Fresh off the heels of Contagion, Steven Soderbergh delivers Haywire, a lean government spy story. What drives the film are its action sequences, driven by mixed martial arts star Gina Carano’s abilityto kick and jum and crush throats with her thighs. The film also reunites Soderbergh with writer Lem Dobbs, responsible for penning one of the director’s best films, The Limey. Like The Limey, Haywire is a bare-bones genre flick that depends on its ability to play with convention in a way that’s more reminiscent of Shoot the Piano Player than Pulp Fiction. (more…)
Top 10 lists are a universally reviled form of critical expression for a reason: they force the thoughtful fluidity and artfulness of criticism into the confines of ascending order. It’s an exercise as banal as arranging a class of elementary school students by height. Countless stratagems exist that allow list-makers to ease the blow of their pointless task, though the successful approach for me has always been simple irony. See my inclusion of Tron: Legacy in last year’s top 10 list, or 2012 the year before that: two really bad movies meant to serve as a middle-finger to the very existence of year-end top 10 lists.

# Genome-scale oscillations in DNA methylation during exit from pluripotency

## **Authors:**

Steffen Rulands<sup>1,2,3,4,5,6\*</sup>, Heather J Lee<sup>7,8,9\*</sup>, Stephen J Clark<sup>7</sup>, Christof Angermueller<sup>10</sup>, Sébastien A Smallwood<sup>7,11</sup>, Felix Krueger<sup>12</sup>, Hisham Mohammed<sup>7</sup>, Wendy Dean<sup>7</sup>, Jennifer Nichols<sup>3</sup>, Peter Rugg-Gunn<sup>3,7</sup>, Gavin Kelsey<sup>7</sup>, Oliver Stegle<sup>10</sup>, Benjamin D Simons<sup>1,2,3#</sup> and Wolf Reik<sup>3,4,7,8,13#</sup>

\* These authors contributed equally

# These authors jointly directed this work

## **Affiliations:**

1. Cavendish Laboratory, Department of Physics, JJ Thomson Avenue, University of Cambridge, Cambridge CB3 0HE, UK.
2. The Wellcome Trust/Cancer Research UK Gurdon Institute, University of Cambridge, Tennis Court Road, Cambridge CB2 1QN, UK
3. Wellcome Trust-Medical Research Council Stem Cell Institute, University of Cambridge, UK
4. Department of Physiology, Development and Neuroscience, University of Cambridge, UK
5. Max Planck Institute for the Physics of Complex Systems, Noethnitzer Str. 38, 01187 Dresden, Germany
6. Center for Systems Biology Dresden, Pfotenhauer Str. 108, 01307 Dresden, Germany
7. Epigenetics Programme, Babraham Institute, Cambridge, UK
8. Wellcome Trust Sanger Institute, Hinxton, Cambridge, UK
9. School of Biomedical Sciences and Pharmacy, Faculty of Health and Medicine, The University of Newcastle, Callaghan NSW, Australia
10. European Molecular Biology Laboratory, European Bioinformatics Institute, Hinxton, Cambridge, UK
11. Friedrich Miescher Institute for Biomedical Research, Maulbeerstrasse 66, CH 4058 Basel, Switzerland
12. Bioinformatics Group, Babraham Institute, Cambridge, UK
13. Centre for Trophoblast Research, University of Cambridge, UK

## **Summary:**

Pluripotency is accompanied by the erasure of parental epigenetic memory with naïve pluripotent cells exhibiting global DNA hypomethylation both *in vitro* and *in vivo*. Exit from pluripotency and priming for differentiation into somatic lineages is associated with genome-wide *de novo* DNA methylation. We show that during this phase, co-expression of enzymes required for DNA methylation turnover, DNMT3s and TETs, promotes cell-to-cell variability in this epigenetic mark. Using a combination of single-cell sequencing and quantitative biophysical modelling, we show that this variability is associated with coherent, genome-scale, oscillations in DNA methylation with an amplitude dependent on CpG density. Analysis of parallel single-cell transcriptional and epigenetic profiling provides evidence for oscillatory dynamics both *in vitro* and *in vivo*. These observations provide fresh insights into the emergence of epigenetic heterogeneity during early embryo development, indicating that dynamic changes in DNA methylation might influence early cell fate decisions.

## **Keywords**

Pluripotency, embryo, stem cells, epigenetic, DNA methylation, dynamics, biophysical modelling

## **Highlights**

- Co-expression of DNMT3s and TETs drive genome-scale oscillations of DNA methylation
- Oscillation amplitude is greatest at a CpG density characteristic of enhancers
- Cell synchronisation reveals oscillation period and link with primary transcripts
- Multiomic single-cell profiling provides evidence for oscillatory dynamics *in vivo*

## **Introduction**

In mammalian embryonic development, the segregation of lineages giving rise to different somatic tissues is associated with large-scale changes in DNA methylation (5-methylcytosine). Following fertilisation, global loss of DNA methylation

This year, I approached the list differently. I still don’t think of it as a serious critical process. I think of it as an impression. These are the first films I remembered when I thought about the experiences I had in movie theaters this year. Any picture I couldn’t remember on my own wouldn’t deserve a place below. In fact, I’m glad to have forgotten about the films I saw in 2011 that I can’t remember. They were the high school acquaintances of my movie-going experience. Their only suitable future purpose can be to serve as obscure punchlines. (more…)